During the city council question/comment period, Council Member Cheryl Heitmann asked staff how much the low-income rental rates will be. Staff replied that one bedroom units will go for $570 per month, while two bedrooms (much fewer will be available) will rent for $680. Staff also confirmed that the units will be Section 8 housing. 

    If approved by the council, construction is expected to be completed by February, 2021, with residents able to move in the following month. 

    The council approved the resolution to have HACSB issue the tax-exempt bonds, unanimously. 

    Earlier During the City Council Meeting; Public Communications/Comments

    Before the Public Hearings, there was an extensive “Public Communications” period during the council meeting, where 30 residents filled out public comment cards to speak! Though the topics varied, a few repeat issues surfaced, including the city council’s lack of progress on mobile home issues; requesting the lowering of electric vehicle charger fees; requests for additional bicycle lanes and infrastructure; apartment trash building up in the streets along the city’s Westside; and one Earth Shattering final speaker, with his own unique topic. Following is a small sample of those speakers:

    Linda Otaviano:  From Lemonwood Mobile Home Park. Ms. Otaviano was upset about the dramatic increase in capital improvement costs at the city’s mobile home parks, and the council’s lack of action on the issue, more than three months after receiving an attorney letter on the matter. 

    Craig Hull:  President, Ventura Manufactured Home Residents Council. He spoke about the “Rent Stabilization Ordinance,” and wanted to know what was happening regarding the letter the council received on February 4, 2019 from attorney Bruce Stanton regarding amendments to that ordinance. Mr. Hull got audience applause when he was finished.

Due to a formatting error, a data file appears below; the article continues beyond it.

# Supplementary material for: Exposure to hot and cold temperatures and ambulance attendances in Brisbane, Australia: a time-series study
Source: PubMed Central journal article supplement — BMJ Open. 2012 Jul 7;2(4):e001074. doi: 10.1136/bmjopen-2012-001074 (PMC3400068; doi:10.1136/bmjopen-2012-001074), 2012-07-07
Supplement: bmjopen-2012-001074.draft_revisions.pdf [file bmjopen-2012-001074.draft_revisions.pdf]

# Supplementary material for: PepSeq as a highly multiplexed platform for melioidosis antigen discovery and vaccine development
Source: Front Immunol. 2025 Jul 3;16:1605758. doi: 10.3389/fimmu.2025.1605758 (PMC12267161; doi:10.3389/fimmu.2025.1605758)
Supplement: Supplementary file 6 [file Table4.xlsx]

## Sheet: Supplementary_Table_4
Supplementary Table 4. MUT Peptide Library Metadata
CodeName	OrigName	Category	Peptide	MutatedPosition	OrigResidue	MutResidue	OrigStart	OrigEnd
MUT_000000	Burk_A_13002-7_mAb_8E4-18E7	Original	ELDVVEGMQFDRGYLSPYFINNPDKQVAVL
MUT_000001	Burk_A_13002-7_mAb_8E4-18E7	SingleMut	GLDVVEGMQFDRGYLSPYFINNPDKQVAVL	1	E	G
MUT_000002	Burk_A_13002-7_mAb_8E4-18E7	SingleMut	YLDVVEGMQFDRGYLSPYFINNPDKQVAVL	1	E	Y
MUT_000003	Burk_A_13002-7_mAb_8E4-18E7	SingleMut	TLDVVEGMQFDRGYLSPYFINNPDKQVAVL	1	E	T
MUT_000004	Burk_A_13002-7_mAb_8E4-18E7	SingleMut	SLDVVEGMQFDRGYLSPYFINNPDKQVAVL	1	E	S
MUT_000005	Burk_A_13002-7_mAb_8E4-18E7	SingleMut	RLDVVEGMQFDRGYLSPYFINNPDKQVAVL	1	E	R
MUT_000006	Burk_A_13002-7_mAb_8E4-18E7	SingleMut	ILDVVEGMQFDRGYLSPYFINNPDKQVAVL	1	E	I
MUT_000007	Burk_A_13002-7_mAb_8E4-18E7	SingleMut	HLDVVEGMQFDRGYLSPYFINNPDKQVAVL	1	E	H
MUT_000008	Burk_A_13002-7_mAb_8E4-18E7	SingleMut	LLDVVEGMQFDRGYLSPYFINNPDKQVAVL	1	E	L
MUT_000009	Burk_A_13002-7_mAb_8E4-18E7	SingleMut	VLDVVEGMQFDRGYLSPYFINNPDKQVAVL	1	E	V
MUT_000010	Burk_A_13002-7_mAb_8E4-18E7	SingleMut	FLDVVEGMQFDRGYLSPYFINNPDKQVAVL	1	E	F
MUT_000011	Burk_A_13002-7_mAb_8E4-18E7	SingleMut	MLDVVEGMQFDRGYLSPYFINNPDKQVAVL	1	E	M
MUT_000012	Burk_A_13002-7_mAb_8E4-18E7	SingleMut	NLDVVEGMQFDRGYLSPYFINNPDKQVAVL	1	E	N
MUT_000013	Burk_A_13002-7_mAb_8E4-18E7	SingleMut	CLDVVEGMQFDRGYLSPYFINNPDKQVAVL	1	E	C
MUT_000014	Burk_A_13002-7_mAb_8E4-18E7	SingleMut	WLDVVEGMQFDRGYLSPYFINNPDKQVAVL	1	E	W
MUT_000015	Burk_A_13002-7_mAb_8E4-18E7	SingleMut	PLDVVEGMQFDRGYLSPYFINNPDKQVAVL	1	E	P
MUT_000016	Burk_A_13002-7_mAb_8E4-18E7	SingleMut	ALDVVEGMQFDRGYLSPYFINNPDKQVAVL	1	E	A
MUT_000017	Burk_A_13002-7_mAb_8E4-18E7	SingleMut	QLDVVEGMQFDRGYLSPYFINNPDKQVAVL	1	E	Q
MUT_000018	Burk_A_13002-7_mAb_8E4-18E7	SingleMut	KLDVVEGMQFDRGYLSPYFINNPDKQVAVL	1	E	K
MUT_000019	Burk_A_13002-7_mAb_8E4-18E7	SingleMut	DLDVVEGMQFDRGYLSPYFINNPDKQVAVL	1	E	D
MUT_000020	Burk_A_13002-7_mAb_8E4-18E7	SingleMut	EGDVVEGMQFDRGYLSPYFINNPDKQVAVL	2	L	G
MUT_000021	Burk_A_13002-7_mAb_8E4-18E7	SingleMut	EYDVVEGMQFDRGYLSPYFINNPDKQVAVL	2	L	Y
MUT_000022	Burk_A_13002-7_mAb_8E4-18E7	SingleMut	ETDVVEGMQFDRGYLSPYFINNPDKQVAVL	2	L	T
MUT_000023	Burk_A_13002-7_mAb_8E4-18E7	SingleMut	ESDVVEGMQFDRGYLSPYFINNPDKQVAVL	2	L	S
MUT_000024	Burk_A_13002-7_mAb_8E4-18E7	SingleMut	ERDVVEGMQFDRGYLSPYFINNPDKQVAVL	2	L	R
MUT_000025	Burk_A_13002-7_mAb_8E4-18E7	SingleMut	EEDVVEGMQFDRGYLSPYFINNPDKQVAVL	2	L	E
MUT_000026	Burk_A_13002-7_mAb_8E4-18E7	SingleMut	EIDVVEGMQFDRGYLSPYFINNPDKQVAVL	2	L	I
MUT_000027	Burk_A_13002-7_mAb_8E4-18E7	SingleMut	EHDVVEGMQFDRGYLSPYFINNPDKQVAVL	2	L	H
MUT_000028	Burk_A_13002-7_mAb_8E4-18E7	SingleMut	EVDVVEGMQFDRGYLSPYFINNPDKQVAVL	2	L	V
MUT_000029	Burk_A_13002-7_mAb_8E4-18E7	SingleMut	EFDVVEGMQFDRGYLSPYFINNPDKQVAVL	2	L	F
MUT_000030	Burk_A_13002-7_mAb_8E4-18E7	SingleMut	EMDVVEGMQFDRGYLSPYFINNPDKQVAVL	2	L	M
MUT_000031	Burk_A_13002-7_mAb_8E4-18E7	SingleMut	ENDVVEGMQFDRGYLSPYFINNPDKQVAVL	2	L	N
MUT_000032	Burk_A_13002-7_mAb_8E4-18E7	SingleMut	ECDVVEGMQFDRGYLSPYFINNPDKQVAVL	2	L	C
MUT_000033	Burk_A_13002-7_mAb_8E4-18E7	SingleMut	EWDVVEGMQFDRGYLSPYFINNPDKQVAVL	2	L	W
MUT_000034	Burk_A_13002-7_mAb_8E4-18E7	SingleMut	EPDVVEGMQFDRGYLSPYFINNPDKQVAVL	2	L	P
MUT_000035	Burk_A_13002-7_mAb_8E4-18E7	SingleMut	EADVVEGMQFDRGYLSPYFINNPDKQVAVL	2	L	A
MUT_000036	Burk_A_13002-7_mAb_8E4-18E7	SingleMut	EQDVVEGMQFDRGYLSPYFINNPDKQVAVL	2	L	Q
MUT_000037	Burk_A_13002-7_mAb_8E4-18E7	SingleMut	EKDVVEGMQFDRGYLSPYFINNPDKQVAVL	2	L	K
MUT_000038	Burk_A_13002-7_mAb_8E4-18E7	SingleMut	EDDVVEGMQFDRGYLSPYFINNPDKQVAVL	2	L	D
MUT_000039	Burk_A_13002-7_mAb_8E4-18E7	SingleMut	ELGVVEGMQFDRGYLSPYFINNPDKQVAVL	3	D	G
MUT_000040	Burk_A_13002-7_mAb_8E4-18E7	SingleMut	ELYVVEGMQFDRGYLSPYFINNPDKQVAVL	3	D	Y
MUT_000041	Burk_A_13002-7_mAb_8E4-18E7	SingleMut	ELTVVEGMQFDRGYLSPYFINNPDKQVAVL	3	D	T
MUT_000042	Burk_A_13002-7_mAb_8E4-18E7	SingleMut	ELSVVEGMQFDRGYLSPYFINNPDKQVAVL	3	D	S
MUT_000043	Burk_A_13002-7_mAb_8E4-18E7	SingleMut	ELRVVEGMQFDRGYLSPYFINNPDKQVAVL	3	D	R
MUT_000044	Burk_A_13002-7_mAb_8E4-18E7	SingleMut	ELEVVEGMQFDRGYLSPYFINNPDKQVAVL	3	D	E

Craig Hull

    Kent Bullard:  Self proclaimed advocate for sustainable transportation. Has driven an EV since 2011. “As of now in this city, there are over 1100 electric vehicles registered by the DMV,” he said. He asked the council to reduce the residential fee to install a home EV charger from $125 to $25. He said the submittal process, becoming entirely electronic, has lowered the costs for the city considerably. 

    Gene Rubin:  Also for lowering the fees for installing home EV chargers, but specified that many of today’s EVs use a 50 amp, 240 volt socket instead of a traditional charger to juice up their cars at home, and asked to council to lower the fees for those setups to $25 as well. 

    Ron DeSanto:  “My friends have brought me meteors and rocks, and the big one is of extreme importance. They’ve been helping us from extinction. They’re here again to help me release great technologies to save our planet from extinction… They want to help President Trump, and put America back on the foundation of God.” 

    Mr. DeSanto then asked to have his art work displayed at City Hall, and for the council to provide him funds so he can launch the incredible, Earth-saving technology. 

    Ron Desanto

    The next Ventura City Council Meeting is scheduled for Monday, May 13, 2019, at 6:00 pm. The agenda and video coverage for this meeting can be accessed by going to the following URL:

    Kevin Harris

    Kevin Harris is a reporter, editor and journalist, previous President of Cal State Northridge’s Society of Professional Journalists having worked for the LA Times and Newhall Signal. He is now also a Realtor and videographer, and lives with his two children in Thousand Oaks. 

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    William Hicks
    William Hicks
    3 years ago

    Interesting. Are there other communities accepting these kind of Block Grants, and what was the outcome? Did they improve or deteriorate the existing communities, or maybe a wash?

    Citizen Reporter
    3 years ago
    Reply to  William Hicks

    Moist cities get them. They tend to measure activities more than outcomes.

    William Hicks
    William Hicks
    3 years ago

    Eating at the government trough without considering outcome seems to be a political addiction.

    Bicycle lanes that few people use, without considering their affect on traffic flow, is another one that boggles my mind.